18 Appendix 5 Summary of peoples views who have used KWW This is a summary of key themes from both written and reported opinion. Where people are quoted italics are used. Length of stay The length of stay reported ranged from four days to eight weeks. The reasons why people came In general people said that they had come for: rest, to get mentally well (e.g. less anxiety, depression, intrusive thoughts and help with physical health). A few people reported being suicidal when they arrived. I want to stop suicidal acting out. A safe place to work through some personal/family/work/life issues. To have a clear head so that suicide wasn t my only option. Positive factors Without exception all were very complimentary of their stay. Key positive factors mentioned were: That it was run by peers many people expressed anxiety about coming to Key We Way as they didn t know what to expect of a peer-run service however this fact led to two key benefits: o the lack of power dynamic found in inpatient units or as one person put it the absence o of an authoritarian atmosphere removed the need to rebel against those who endeavored to help ) all stated that the opportunity to talk about problems in an environment that feels safe and without being judged (this is really important as many people expressed the notion that trusting people was difficult) was a key part of their recovery ( a safe haven was how one person described it) The staff the caring, empathy, compassion and understanding displayed by the staff ( I felt supported, listened to and validated ) I think the staff here are brilliant and should be given great encouragement and confidence to continue the awesome work they do An important factor mentioned was that when peoples were very unwell they were not left on their own When I was at my worst staff stayed with me and never left me on my own. They were marvelous support and helped keep me safe The fact that humour was often used by staff to help make people feel good. Prevention of acute distress A few peoples mentioned that they had felt suicidal and that their stay at Key We Way had helped them recover from those feeling. I wholeheartedly believe that if I hadn t had the good fortune to be placed at Key We Way I would be attending my own funeral now rather than relaxing on the beach, eager to return home and continue on with my life I am pretty sure it prevented a repeat overdose I wouldn t have made it if it weren t for Key We Way Having personal space respected by staff This included both allowing for time on one s own as well as having their room a place of privacy (with the exception of if a person wasn t considered safe on their own) Being well informed Peoples are given reading material when they arrive and this was appreciated (e.g. Journey to Wellbeing, policies and procedures of Key We Way, and information relating to privacy, advocacy and rights). 18

19 Talking with other residents It was really good listening to other people s stories. It really helped Personal planning processes People found it helpful to identify (with the peer workers) things that helped maintain wellness, warning signs, what they wanted from staff if they were distressed and they also planned for future goals. Learning self-care skills learning about how to look after oneself and things that clients can use on a daily basis to help their mental health (e.g. eating well, getting better sleep and making sure that they did relaxing things - doing soothing things like having baths ) The opportunity to look at wellness from all angles (e.g. massage, homeopathy) Inclusion of family members Family members were made to feel welcome My sister was made to feel welcome and included in what was happening at the time Being nurtured For most people just being listened to and spending time with staff was seen as very caring Staff did nice things e.g. baking, going out for coffee, straightening my hair Community support after leaving Key We Way People reported being well supported when they left Key We Way with strong links made to family, community and clinical services as appropriate to each person s needs. Learning about the local community support networks that are available for people with mental health issues (e.g. Warmline and peer support groups) I was informed of supports within the community and increased my knowledge of services available on my return home Linking peoples with community-based clinical services ( I have set up appointments with doctors, psychologist etc ) Linking people with health-related agencies (e.g. yoga) Food The high quality of the food was appreciated by many people Location The location (i.e. being by the beach) was viewed very positively by many as it was seen to be very relaxing to be on the beach. Comparisons with inpatient unit It is interesting that many people had been in acute inpatient units and without exception these were perceived as very stressful in a time of acute mental distress. It is overly clinical and institutional. There is no one to talk to they are all too busy. Suggested areas for improvement Individual people suggested the following areas for improvement: Having to repeat my story to different staff members One person said that she would have liked more counselling One people who smoked felt that she would have liked staff to sit with her when she was in the smoking area. One person noted that the upstairs deck needed fixing - this was subsequently fixed One person said that the squeaking of the clothes dryer was stress-inducing Two peoples reported that TV picture was not too clear this was subsequently fixed One person said that more vegetarian options for meals would be good 19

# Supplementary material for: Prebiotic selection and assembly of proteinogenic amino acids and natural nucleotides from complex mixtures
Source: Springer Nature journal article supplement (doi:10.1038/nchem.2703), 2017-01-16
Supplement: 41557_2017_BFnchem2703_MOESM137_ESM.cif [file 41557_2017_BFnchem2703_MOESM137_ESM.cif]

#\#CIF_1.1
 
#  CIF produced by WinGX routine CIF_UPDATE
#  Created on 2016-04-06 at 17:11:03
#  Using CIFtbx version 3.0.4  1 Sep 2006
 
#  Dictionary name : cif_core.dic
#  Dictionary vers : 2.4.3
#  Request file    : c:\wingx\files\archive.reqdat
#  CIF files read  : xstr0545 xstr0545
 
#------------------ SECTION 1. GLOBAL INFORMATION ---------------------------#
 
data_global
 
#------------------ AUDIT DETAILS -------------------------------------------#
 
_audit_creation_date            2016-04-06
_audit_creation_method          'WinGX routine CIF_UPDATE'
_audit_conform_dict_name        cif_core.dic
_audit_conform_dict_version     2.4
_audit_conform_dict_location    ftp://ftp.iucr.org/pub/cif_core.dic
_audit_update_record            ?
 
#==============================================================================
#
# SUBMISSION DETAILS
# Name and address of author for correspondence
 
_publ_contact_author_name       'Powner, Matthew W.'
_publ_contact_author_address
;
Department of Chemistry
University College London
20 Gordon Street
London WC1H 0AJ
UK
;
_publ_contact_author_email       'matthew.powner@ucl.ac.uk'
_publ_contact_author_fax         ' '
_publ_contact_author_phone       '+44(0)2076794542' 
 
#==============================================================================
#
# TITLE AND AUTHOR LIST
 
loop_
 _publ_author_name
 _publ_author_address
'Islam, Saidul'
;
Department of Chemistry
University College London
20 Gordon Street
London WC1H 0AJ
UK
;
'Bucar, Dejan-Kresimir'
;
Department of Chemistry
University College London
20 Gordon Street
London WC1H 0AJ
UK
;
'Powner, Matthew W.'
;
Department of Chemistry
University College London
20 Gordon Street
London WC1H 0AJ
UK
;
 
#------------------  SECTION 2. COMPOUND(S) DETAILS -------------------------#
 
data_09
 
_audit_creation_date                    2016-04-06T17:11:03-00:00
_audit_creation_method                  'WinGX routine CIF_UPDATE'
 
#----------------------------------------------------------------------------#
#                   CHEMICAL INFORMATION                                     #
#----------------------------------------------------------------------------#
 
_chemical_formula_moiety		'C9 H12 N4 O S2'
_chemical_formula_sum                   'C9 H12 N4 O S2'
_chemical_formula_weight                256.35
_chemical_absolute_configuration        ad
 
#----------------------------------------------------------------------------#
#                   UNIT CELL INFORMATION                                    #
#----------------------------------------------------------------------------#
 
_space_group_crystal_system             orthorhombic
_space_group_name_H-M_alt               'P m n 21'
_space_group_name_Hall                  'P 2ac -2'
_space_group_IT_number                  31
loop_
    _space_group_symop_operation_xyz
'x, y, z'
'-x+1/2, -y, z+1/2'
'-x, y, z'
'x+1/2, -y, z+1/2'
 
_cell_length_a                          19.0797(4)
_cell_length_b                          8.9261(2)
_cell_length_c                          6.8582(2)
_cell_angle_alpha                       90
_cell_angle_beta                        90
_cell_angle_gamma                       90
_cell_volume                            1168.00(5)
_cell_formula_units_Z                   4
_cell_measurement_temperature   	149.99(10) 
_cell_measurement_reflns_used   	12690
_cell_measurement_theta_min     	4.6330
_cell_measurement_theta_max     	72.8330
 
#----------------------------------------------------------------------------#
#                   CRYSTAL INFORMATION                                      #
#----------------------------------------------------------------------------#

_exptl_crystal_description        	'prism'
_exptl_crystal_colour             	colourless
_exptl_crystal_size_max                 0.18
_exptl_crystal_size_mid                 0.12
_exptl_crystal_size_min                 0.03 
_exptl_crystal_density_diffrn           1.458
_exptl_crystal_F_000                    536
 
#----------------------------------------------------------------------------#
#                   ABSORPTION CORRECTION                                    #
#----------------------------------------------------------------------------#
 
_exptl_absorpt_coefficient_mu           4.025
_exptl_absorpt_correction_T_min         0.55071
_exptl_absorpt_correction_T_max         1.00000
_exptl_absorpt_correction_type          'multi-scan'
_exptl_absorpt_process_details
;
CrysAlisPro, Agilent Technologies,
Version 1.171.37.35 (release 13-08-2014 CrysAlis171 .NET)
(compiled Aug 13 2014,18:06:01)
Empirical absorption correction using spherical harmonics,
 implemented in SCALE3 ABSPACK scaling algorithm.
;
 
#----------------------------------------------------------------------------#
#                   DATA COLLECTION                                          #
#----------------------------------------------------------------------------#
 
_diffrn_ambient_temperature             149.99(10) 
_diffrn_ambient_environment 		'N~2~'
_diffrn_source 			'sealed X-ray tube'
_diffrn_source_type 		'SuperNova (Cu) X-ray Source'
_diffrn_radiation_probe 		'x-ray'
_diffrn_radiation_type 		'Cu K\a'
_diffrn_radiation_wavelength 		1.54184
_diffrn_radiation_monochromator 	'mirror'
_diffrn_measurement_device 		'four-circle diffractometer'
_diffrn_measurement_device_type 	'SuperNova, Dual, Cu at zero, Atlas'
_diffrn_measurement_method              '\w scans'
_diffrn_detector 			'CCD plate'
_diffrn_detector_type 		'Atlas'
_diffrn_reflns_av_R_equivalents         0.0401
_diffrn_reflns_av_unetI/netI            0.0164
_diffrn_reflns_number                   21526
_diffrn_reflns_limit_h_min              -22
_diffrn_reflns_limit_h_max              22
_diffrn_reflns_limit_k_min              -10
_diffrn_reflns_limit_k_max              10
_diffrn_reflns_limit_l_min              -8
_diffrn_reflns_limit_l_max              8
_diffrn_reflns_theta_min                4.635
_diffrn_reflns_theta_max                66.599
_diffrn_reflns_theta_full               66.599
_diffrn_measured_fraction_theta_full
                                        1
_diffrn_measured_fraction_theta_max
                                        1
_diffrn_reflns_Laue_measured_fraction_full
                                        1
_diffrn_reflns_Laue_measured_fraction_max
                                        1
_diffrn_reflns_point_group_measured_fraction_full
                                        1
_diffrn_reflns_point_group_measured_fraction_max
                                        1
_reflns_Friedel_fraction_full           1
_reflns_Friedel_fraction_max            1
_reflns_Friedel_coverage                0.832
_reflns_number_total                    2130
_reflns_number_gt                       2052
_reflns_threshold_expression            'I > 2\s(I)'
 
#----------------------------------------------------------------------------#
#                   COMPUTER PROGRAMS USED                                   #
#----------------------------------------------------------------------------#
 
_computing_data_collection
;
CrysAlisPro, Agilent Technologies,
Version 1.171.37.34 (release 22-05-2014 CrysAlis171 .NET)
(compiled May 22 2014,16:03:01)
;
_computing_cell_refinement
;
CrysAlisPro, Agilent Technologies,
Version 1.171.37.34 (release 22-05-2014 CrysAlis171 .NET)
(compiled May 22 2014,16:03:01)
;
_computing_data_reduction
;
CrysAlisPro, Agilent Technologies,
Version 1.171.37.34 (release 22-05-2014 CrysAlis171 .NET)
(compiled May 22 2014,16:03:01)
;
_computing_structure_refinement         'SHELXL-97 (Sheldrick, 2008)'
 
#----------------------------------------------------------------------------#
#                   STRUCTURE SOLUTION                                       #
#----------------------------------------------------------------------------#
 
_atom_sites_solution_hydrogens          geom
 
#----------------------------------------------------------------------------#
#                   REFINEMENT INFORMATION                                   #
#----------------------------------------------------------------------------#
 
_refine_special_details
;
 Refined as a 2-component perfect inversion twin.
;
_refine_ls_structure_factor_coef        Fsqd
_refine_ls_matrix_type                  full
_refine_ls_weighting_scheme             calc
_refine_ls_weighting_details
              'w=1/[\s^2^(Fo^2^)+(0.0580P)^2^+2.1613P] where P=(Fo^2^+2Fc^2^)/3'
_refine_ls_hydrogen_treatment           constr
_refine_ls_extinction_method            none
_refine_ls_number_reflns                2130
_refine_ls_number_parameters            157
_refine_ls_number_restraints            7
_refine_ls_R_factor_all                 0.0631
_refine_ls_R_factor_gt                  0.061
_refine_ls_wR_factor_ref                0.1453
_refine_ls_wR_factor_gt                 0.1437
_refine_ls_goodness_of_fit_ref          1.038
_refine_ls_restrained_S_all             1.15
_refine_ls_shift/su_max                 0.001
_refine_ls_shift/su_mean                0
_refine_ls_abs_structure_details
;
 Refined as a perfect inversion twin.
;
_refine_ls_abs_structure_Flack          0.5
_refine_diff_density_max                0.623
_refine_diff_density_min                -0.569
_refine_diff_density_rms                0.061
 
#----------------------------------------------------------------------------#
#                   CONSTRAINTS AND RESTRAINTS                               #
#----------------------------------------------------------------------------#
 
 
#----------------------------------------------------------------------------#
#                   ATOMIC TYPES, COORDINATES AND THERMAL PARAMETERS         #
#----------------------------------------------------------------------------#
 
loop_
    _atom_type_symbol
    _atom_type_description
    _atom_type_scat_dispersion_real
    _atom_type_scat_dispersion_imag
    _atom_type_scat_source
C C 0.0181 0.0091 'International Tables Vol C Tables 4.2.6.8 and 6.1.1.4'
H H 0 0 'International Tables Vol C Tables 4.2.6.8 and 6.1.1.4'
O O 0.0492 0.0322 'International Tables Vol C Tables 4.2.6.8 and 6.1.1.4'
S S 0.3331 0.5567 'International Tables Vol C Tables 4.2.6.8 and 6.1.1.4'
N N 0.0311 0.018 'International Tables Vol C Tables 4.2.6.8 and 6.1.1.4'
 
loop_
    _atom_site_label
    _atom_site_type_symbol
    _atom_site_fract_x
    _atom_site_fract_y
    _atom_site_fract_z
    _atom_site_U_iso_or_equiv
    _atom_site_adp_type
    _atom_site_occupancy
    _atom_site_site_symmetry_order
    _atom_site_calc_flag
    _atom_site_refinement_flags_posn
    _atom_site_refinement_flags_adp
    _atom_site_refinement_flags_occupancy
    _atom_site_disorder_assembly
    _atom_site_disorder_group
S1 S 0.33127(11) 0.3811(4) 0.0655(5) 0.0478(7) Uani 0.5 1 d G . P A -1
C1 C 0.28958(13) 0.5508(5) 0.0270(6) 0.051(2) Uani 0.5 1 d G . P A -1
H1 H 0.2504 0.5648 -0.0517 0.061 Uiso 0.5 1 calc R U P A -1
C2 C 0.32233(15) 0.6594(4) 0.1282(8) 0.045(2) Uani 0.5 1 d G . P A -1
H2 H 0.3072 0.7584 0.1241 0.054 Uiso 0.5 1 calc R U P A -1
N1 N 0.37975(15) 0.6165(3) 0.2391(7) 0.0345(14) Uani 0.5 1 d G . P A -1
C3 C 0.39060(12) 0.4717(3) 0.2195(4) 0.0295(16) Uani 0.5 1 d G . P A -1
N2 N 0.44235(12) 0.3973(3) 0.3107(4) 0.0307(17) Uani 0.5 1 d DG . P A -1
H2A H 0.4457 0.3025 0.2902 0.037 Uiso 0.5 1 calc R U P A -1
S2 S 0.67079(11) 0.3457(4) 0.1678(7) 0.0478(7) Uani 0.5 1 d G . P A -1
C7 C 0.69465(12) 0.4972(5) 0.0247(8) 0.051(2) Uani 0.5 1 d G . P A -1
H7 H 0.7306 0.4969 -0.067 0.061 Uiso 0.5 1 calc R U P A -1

20 Appendix 6 Recovery of Wellbeing: Quadrant diagram Wellink Trust RECOVERY OF WELLBEING 4 markers that indicate an environment that enhances recovery of well-being Hope Personal Power Self Determination Sense of Belonging I understand what the experience of mental illness was for me. I know myself better now. Making sense of the experience of mental illness Understanding roles and identity now Personal growth/ spirituality physical fitness Symptom reduction Physical health changes I am healthier I can do a lot more I feel like there was a place I belong and feel accepted Understanding cultural identity now My feeling of connection with others How I see the world I feel accepted Citizenship Education / Employment Housing Relationships I have resources, relationships and citizenship 20